Meditation cuts physical anguish
Wed, 06 Apr 2011 08:36:50 GMT
Brain scan study has unveiled mechanisms and paths that the ancient relaxation and meditation techniques activate the brain to control pain.
A team of researchers at the Wake Forest University have been investigating the effect of two Indian mediation methods, Samatha and Vipassana, in the reduction of the intensity and unpleasantness of pain in 15 volunteers who had never meditated before.
During the study, the participants were involved in a mediation program including 20 minutes a day, for four days and then were exposed to a painful condition caused by a 120-degree heat.
According to the results to be published in The Journal of Neuroscience, both techniques reduced pain intensity by 40 percent and unpleasantness of the experience by 57 percent.
Moreover, the brain MRI of the individuals showed that this technique caused a series of changes in how brain responded to pain. For instance, the somatosensory cortex, a brain region containing a kind of map of the body, responded less actively to pain during meditation.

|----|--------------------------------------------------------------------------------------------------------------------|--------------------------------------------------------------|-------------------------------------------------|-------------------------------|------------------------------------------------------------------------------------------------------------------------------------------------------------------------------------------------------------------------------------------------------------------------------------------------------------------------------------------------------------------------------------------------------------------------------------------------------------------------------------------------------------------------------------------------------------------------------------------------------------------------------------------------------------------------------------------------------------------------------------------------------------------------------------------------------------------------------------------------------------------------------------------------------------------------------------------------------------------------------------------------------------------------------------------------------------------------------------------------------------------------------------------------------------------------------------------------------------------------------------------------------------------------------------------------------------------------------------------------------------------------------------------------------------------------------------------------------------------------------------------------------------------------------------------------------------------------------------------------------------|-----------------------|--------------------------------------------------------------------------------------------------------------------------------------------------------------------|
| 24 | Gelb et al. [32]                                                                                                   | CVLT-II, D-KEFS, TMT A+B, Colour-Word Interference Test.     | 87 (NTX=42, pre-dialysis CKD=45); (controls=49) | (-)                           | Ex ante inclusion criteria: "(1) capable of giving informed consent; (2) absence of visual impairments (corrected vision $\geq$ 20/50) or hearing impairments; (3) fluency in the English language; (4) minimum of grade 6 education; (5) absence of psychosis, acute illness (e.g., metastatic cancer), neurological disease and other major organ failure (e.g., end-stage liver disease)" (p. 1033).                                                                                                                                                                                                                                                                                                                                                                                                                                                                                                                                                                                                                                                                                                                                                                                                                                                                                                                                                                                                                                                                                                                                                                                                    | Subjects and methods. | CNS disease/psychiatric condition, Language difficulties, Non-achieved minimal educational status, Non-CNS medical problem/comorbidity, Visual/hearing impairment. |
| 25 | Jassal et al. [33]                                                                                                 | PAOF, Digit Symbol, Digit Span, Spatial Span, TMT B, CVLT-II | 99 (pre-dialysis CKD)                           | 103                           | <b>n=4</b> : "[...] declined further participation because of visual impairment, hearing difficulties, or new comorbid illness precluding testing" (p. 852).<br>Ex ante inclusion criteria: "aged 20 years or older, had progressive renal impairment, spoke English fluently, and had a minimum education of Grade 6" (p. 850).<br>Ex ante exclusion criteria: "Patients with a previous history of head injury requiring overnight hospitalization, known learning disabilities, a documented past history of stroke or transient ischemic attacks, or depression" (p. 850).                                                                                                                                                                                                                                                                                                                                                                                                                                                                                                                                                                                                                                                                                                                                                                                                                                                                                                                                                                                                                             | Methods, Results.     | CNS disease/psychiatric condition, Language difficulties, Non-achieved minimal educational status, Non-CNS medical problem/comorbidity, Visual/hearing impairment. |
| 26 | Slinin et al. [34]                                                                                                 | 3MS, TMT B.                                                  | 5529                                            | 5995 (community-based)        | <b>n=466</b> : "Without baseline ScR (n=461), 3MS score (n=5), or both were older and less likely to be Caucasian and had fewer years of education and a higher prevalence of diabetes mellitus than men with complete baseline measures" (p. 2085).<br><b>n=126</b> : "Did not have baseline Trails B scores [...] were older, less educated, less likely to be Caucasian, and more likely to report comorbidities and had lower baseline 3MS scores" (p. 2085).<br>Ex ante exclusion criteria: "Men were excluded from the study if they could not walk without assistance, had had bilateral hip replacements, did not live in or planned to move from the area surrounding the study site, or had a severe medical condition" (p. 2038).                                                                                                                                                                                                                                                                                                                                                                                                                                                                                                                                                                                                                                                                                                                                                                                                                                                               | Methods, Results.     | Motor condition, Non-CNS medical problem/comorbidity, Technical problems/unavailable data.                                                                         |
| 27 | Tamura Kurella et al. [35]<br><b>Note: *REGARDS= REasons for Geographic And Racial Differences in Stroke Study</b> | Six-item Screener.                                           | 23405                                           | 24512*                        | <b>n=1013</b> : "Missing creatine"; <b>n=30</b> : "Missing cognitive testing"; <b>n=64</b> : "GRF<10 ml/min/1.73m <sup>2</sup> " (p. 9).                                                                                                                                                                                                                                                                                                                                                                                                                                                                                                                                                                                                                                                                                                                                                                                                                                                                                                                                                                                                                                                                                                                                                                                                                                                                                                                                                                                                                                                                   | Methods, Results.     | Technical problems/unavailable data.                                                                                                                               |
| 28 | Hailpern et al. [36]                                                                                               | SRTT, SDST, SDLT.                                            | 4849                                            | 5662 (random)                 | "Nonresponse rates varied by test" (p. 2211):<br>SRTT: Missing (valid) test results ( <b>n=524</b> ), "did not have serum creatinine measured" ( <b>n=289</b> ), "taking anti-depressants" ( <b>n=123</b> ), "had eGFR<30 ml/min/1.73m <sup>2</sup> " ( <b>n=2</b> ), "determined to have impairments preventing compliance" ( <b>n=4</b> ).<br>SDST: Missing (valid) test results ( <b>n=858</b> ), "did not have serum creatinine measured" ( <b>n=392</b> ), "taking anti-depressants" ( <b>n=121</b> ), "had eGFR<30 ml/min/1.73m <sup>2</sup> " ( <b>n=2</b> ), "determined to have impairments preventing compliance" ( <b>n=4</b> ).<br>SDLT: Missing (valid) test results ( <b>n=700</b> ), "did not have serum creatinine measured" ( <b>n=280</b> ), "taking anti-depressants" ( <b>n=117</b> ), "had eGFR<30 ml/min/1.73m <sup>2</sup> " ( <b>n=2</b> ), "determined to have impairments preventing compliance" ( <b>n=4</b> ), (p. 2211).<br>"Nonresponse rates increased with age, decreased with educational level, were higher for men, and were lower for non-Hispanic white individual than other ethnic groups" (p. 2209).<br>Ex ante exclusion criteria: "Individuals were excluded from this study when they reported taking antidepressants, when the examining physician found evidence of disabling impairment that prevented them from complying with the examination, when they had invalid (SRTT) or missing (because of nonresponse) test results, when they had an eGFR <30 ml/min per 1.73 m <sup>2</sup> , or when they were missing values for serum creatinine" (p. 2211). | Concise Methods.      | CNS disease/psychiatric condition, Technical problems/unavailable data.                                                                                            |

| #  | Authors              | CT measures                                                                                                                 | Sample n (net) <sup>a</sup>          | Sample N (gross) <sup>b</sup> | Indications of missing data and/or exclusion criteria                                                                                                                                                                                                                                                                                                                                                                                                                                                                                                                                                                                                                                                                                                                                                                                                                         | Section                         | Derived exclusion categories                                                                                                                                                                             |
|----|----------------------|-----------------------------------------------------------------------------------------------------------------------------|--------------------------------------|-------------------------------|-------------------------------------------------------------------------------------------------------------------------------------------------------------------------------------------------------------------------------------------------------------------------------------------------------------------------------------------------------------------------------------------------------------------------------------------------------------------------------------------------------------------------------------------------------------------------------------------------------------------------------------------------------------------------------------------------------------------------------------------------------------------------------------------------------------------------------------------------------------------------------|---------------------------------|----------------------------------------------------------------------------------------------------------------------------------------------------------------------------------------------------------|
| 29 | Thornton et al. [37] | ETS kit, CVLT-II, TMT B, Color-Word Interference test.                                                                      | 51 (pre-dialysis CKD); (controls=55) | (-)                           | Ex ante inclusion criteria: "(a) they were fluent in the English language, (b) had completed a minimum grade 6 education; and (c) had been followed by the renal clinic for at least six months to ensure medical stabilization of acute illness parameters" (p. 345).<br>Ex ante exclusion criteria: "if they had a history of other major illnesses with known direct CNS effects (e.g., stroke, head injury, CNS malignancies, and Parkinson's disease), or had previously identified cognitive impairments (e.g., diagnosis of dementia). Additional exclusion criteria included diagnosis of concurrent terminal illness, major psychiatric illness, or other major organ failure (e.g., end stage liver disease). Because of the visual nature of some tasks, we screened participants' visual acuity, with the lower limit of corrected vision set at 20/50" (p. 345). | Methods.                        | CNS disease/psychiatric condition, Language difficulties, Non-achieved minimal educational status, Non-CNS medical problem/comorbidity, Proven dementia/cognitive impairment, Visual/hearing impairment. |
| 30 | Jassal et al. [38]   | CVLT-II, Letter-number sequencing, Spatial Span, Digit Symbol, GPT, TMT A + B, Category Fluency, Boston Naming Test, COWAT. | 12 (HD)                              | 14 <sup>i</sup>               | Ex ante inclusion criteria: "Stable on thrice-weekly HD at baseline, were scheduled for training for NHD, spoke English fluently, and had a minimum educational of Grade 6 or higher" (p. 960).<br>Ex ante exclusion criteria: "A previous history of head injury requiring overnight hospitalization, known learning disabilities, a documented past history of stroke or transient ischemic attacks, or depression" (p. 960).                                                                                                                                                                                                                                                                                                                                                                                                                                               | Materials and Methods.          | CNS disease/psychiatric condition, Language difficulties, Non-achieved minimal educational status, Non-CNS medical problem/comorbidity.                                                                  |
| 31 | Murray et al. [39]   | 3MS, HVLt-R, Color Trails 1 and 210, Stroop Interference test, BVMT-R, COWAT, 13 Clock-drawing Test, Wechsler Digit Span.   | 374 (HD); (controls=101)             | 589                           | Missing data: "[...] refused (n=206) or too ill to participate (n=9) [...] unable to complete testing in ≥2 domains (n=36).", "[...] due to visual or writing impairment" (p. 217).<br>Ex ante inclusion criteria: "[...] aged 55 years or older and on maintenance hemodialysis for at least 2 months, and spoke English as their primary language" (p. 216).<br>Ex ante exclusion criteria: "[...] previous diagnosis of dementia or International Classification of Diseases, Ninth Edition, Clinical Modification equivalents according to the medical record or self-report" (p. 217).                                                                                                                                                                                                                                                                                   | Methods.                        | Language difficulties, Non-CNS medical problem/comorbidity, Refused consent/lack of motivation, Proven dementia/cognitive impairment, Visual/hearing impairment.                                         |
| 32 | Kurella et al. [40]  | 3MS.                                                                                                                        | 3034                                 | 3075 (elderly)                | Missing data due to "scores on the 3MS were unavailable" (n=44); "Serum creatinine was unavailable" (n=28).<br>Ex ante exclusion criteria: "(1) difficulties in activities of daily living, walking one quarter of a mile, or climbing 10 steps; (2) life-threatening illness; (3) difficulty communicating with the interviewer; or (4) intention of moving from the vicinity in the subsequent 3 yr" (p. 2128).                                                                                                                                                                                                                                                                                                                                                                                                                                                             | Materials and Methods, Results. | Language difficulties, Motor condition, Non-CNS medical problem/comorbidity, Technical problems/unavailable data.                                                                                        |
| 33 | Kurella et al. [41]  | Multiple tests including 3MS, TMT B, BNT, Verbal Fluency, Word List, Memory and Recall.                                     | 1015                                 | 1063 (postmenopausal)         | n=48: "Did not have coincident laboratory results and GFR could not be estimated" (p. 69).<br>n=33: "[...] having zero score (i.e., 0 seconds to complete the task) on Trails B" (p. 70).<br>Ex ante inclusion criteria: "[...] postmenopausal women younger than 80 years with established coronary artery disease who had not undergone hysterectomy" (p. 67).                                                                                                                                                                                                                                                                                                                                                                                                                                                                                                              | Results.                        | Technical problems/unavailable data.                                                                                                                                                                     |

The finding suggested that "meditation reduces pain by decreasing the actual sensation," said Study co-author Fadel Zeidan. “This suggests that meditation reduces the information that goes through this area during the pain.”
Areas of the brain responsible for maintaining focus and processing emotions were also more active during meditation, and the activity was highest in the people who reported the greatest reductions in pain. "There's not just one thing happening," Zeidan added. "Mindfulness meditation incorporates multiple mechanisms, multiple avenues for pain relief."
A previous research has found that mindfulness meditation can help people cope with pain, anxiety, and a number of other physical and mental health problems but in most cases the training takes weeks, not days.